You might read the term managing upwards and think this is all about ‘schmoozing’ those above you in your organisation. It’s worth reading what I wrote about how to reposition schmoozing in a previous post. Managing upwards is a positive skill to have – and not having it can really hinder your career. Let’s take a look at what it is and how to do it effectively.

Managing upwards – a positive definition

All managing upwards really means is building relationships with those who are more senior to you in your organisation.

This is necessary as they are the ones who make decisions about:

  • which clients and projects you work on;
  • who you work with and for;
  • the team you have under you and;
  • your future career progression- whether that be an upward or a lateral move, depending on where you want to get to.

Frequently, people think their performance will just be recognised and they will naturally move into the next role if they are really good at what they do.

Realistically, this doesn’t always happen. It’s important that others have visibility of you and your work, which is where relationships with your seniors come in. It’s also important day-to-day to have positive relationships with those above you so you can get decisions made and things done.

My five top tips for managing upwards

1. Understand the priorities of more senior people. Whilst of course you need to be able to raise things which matter to you, understanding their perspective is important. It shows them empathy and builds the relationship but also forces you to consider how your priorities seem to them and how you can position them to more senior people. What their boss is expecting of them is very likely to drive their priorities.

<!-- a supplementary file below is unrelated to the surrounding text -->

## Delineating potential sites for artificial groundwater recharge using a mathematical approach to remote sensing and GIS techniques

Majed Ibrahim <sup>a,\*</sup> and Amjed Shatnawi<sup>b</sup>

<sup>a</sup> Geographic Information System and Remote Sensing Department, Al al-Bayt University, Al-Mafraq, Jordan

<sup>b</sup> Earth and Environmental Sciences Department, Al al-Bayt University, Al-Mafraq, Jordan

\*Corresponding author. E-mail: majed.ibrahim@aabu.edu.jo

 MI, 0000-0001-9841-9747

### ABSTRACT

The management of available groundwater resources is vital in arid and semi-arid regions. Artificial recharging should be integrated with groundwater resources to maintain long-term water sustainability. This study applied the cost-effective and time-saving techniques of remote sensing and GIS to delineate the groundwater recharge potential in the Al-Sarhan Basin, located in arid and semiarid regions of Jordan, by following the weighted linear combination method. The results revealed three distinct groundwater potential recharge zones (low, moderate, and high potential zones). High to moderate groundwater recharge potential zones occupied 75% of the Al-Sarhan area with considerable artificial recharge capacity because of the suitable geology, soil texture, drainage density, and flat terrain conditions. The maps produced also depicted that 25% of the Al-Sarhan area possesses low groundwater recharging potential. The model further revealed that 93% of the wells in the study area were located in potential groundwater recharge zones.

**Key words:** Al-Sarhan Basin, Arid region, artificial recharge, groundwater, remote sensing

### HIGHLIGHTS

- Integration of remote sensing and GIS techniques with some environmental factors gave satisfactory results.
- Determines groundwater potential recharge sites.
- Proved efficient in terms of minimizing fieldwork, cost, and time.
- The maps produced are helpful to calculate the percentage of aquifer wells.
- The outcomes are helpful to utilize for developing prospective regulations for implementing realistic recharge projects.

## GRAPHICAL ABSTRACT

2. Work out what their time of day is. We all have times if day when we are more receptive to others, able to give more and have greater energy. If a senior person is not a morning person then bounding into to see them at 8.45am to discuss something important is unlikely to get you engagement and a positive response.

3. Understand their communication style. Whilst it isn’t about adapting entirely to their style, if you want to engage with them this needs thinking about. Top considerations:

    • Are they a big picture or detail person (this is also affected by how they perceive you and their expectations of you)?
    • Do they prefer short, frequent updates and questions or for you to save things up for a longer discussion (this is also likely to be affected by the type of work you do)?
    • Do they liked to be warned of problems as they occur or are they happy to be informed once problems are resolved or you have a solution (again likely to be affected by your relationship and the nature of the work)?
    • Are they good at engaging with emails or are calls/instant messages/in-person conversations more welcome.

4. Show an interest in them personally. What pressures are they under in life generally? Have they just had a new baby or are they caring for an elderly relative? Perhaps going through an illness or divorce? What are they interested in outside work? People forget to be human; showing individuals some empathy goes a long way to building the relationship

5. Build trust in what you can do, whilst showing you want to learn from them and others. This means giving senior people clarity on what your skills are and them feeling you are reliable to deliver what is required whilst being open to learning. Take every opportunity to show what you can do and always do what you say you will.

My final bit of advice for now is: if you think about managing upwards, who are the people you need to consider?

The obvious one is your direct line manager. However, there are also the people about that person and if you’re in a matrix organisation, you need to be thinking even more broadly.


Building key relationships is just one of several key skills to help you progress your career.  To read about the others, request my Nine Neglected Skills needed for career success here or complete the box below – five emails and a booklet packed full of practical tips and advice.

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